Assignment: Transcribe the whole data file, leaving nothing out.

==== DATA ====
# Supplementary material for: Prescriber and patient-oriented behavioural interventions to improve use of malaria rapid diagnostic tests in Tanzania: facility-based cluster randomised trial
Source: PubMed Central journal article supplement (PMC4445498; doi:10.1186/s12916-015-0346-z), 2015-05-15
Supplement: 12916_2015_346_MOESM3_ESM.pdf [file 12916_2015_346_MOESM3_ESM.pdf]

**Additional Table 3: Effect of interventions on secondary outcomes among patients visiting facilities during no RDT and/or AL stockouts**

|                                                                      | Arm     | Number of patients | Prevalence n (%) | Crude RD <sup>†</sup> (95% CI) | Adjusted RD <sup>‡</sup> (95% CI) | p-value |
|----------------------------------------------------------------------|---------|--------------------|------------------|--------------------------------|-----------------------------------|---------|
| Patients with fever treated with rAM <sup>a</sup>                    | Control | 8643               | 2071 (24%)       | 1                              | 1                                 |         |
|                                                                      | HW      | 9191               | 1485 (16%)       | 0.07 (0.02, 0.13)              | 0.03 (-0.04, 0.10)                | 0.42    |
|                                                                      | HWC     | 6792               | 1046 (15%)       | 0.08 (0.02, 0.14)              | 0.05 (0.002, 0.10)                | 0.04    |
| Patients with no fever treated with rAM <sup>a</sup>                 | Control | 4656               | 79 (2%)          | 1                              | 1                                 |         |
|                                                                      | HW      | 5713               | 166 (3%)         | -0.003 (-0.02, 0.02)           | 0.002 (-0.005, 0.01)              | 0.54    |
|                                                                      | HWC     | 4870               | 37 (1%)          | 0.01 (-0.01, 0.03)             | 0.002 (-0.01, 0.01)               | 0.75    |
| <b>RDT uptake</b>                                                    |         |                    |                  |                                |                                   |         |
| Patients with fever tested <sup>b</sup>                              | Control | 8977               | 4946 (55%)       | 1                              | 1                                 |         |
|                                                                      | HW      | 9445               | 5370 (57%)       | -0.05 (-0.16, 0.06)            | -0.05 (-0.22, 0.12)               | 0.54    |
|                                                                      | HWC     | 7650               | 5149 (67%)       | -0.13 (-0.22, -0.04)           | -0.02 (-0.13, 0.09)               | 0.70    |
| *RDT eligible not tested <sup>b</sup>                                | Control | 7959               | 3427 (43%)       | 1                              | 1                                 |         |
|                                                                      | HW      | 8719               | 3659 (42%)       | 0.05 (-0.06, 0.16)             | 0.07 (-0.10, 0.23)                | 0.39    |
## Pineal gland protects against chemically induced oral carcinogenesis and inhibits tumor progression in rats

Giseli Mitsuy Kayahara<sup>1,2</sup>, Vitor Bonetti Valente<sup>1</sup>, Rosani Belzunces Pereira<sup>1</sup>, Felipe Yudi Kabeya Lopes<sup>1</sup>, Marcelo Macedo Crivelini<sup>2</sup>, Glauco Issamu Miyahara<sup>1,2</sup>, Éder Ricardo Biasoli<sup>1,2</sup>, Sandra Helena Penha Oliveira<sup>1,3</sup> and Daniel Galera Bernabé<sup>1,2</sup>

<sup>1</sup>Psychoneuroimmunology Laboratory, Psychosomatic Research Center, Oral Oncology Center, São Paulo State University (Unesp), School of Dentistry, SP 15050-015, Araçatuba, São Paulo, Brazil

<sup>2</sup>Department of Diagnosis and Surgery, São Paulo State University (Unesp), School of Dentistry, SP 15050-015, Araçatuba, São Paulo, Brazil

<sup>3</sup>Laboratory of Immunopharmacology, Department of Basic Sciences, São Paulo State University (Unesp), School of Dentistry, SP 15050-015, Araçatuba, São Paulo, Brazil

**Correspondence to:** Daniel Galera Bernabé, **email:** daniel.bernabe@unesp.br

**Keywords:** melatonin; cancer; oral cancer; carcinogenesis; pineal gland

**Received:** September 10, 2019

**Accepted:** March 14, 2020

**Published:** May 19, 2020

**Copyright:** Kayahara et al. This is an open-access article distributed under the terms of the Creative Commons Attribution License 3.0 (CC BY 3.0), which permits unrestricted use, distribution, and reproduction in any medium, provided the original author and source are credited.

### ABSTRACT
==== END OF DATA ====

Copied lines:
# Supplementary material for: Prescriber and patient-oriented behavioural interventions to improve use of malaria rapid diagnostic tests in Tanzania: facility-based cluster randomised trial
Source: PubMed Central journal article supplement (PMC4445498; doi:10.1186/s12916-015-0346-z), 2015-05-15
Supplement: 12916_2015_346_MOESM3_ESM.pdf [file 12916_2015_346_MOESM3_ESM.pdf]

**Additional Table 3: Effect of interventions on secondary outcomes among patients visiting facilities during no RDT and/or AL stockouts**

|                                                                      | Arm     | Number of patients | Prevalence n (%) | Crude RD <sup>†</sup> (95% CI) | Adjusted RD <sup>‡</sup> (95% CI) | p-value |
|----------------------------------------------------------------------|---------|--------------------|------------------|--------------------------------|-----------------------------------|---------|
| Patients with fever treated with rAM <sup>a</sup>                    | Control | 8643               | 2071 (24%)       | 1                              | 1                                 |         |
|                                                                      | HW      | 9191               | 1485 (16%)       | 0.07 (0.02, 0.13)              | 0.03 (-0.04, 0.10)                | 0.42    |
|                                                                      | HWC     | 6792               | 1046 (15%)       | 0.08 (0.02, 0.14)              | 0.05 (0.002, 0.10)                | 0.04    |
| Patients with no fever treated with rAM <sup>a</sup>                 | Control | 4656               | 79 (2%)          | 1                              | 1                                 |         |
|                                                                      | HW      | 5713               | 166 (3%)         | -0.003 (-0.02, 0.02)           | 0.002 (-0.005, 0.01)              | 0.54    |
|                                                                      | HWC     | 4870               | 37 (1%)          | 0.01 (-0.01, 0.03)             | 0.002 (-0.01, 0.01)               | 0.75    |
| <b>RDT uptake</b>                                                    |         |                    |                  |                                |                                   |         |
| Patients with fever tested <sup>b</sup>                              | Control | 8977               | 4946 (55%)       | 1                              | 1                                 |         |
|                                                                      | HW      | 9445               | 5370 (57%)       | -0.05 (-0.16, 0.06)            | -0.05 (-0.22, 0.12)               | 0.54    |
|                                                                      | HWC     | 7650               | 5149 (67%)       | -0.13 (-0.22, -0.04)           | -0.02 (-0.13, 0.09)               | 0.70    |
| *RDT eligible not tested <sup>b</sup>                                | Control | 7959               | 3427 (43%)       | 1                              | 1                                 |         |
|                                                                      | HW      | 8719               | 3659 (42%)       | 0.05 (-0.06, 0.16)             | 0.07 (-0.10, 0.23)                | 0.39    |
## Pineal gland protects against chemically induced oral carcinogenesis and inhibits tumor progression in rats

Giseli Mitsuy Kayahara<sup>1,2</sup>, Vitor Bonetti Valente<sup>1</sup>, Rosani Belzunces Pereira<sup>1</sup>, Felipe Yudi Kabeya Lopes<sup>1</sup>, Marcelo Macedo Crivelini<sup>2</sup>, Glauco Issamu Miyahara<sup>1,2</sup>, Éder Ricardo Biasoli<sup>1,2</sup>, Sandra Helena Penha Oliveira<sup>1,3</sup> and Daniel Galera Bernabé<sup>1,2</sup>

<sup>1</sup>Psychoneuroimmunology Laboratory, Psychosomatic Research Center, Oral Oncology Center, São Paulo State University (Unesp), School of Dentistry, SP 15050-015, Araçatuba, São Paulo, Brazil

<sup>2</sup>Department of Diagnosis and Surgery, São Paulo State University (Unesp), School of Dentistry, SP 15050-015, Araçatuba, São Paulo, Brazil

<sup>3</sup>Laboratory of Immunopharmacology, Department of Basic Sciences, São Paulo State University (Unesp), School of Dentistry, SP 15050-015, Araçatuba, São Paulo, Brazil

**Correspondence to:** Daniel Galera Bernabé, **email:** daniel.bernabe@unesp.br

**Keywords:** melatonin; cancer; oral cancer; carcinogenesis; pineal gland

**Received:** September 10, 2019

**Accepted:** March 14, 2020

**Published:** May 19, 2020

**Copyright:** Kayahara et al. This is an open-access article distributed under the terms of the Creative Commons Attribution License 3.0 (CC BY 3.0), which permits unrestricted use, distribution, and reproduction in any medium, provided the original author and source are credited.

### ABSTRACT